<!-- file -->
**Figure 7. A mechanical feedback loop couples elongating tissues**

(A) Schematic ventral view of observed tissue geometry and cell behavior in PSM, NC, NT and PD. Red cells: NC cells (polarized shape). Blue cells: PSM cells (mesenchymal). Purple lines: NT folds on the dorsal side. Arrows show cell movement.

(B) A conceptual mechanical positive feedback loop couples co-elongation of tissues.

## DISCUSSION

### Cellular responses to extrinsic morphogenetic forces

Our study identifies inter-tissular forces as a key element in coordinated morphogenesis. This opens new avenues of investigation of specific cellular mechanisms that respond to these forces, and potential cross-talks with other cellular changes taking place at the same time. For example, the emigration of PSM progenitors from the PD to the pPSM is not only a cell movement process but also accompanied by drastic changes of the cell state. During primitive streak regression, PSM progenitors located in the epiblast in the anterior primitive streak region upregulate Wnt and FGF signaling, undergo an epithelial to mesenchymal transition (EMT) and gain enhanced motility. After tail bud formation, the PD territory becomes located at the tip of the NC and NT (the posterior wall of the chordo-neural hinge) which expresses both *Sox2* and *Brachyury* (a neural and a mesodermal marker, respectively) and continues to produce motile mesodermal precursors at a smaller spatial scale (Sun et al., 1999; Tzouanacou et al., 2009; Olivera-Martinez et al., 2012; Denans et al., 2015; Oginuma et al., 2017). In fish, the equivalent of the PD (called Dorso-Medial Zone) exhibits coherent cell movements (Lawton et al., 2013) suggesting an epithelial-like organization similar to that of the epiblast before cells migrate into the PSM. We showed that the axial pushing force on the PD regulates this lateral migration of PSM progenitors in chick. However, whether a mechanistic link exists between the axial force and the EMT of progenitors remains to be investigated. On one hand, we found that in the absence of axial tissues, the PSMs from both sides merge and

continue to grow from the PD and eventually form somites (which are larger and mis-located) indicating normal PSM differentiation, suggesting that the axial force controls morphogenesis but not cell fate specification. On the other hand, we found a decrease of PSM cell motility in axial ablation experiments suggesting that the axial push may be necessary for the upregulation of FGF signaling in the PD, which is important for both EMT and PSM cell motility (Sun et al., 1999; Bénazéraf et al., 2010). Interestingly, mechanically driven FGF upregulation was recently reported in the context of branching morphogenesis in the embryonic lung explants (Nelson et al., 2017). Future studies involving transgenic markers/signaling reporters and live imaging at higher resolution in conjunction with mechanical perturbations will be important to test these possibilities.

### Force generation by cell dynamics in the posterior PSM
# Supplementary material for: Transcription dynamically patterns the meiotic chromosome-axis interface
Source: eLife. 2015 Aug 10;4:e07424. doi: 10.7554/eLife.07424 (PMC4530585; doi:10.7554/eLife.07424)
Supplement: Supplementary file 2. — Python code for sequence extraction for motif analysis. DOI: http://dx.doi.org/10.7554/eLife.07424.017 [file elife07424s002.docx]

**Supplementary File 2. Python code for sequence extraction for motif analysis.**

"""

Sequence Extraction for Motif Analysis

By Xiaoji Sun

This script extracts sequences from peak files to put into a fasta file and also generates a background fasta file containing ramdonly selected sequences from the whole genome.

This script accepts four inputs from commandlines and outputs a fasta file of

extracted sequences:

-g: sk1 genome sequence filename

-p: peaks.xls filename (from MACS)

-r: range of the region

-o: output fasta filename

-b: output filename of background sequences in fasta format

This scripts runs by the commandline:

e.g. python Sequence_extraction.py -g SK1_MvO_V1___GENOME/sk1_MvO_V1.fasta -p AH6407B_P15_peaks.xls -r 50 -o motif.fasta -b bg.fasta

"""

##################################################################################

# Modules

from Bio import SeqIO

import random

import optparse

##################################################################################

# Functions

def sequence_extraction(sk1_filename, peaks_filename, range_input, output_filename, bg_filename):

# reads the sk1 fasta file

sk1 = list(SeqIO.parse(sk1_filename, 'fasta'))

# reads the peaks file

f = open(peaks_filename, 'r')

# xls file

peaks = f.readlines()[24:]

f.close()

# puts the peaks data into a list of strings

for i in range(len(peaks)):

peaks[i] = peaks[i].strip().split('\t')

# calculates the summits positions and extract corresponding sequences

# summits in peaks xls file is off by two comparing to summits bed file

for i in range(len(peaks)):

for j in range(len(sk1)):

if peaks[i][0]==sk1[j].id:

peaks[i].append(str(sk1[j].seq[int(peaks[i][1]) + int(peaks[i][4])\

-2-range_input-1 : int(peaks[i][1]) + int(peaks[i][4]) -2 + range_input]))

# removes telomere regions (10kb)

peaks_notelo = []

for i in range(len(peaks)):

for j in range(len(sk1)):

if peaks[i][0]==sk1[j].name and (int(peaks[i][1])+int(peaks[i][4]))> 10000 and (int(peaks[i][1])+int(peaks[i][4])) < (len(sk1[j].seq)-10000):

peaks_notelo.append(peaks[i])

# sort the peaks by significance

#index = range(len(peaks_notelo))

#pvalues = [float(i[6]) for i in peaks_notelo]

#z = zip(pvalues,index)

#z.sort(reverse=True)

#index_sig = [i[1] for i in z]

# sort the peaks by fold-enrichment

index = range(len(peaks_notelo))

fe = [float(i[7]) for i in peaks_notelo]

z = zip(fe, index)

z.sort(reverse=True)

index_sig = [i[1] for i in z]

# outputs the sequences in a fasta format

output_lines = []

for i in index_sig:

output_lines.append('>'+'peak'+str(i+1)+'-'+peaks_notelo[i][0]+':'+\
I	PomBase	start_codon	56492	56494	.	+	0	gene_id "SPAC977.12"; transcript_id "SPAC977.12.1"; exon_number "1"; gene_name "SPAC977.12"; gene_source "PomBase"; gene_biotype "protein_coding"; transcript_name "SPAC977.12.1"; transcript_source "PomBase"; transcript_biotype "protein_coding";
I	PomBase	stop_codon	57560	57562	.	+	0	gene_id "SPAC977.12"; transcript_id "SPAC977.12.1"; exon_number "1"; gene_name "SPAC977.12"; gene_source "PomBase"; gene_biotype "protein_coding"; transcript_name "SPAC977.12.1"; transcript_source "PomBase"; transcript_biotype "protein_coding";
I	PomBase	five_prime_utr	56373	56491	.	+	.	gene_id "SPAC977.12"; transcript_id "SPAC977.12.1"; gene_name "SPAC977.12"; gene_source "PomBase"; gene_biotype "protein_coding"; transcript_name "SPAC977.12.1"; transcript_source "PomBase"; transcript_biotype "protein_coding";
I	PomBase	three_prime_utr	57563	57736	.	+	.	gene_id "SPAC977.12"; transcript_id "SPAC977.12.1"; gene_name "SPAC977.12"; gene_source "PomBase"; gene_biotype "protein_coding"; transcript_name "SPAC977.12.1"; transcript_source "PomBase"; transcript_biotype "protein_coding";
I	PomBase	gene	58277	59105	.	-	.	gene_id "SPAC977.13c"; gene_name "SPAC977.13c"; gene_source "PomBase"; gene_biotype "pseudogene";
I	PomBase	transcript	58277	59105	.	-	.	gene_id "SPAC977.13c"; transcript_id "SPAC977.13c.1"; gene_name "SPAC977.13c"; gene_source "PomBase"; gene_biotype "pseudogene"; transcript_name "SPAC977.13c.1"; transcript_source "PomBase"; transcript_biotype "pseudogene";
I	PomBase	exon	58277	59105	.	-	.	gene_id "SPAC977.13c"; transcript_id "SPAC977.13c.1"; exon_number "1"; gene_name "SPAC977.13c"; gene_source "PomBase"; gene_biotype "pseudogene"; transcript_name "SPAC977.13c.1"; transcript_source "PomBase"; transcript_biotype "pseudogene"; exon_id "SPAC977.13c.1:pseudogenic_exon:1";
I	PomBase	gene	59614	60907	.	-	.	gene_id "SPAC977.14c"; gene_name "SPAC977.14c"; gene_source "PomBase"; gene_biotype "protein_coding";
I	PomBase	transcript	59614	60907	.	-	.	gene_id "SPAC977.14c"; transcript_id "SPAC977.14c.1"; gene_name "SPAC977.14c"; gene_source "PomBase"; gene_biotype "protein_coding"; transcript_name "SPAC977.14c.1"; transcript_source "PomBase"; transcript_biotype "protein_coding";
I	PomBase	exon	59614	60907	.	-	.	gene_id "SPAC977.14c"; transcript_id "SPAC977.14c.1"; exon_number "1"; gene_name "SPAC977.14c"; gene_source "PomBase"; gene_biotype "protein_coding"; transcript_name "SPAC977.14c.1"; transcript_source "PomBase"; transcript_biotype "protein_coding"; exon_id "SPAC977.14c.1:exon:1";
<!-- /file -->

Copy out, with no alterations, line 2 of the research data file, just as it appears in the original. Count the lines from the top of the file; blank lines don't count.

(A) Schematic ventral view of observed tissue geometry and cell behavior in PSM, NC, NT and PD. Red cells: NC cells (polarized shape). Blue cells: PSM cells (mesenchymal). Purple lines: NT folds on the dorsal side. Arrows show cell movement.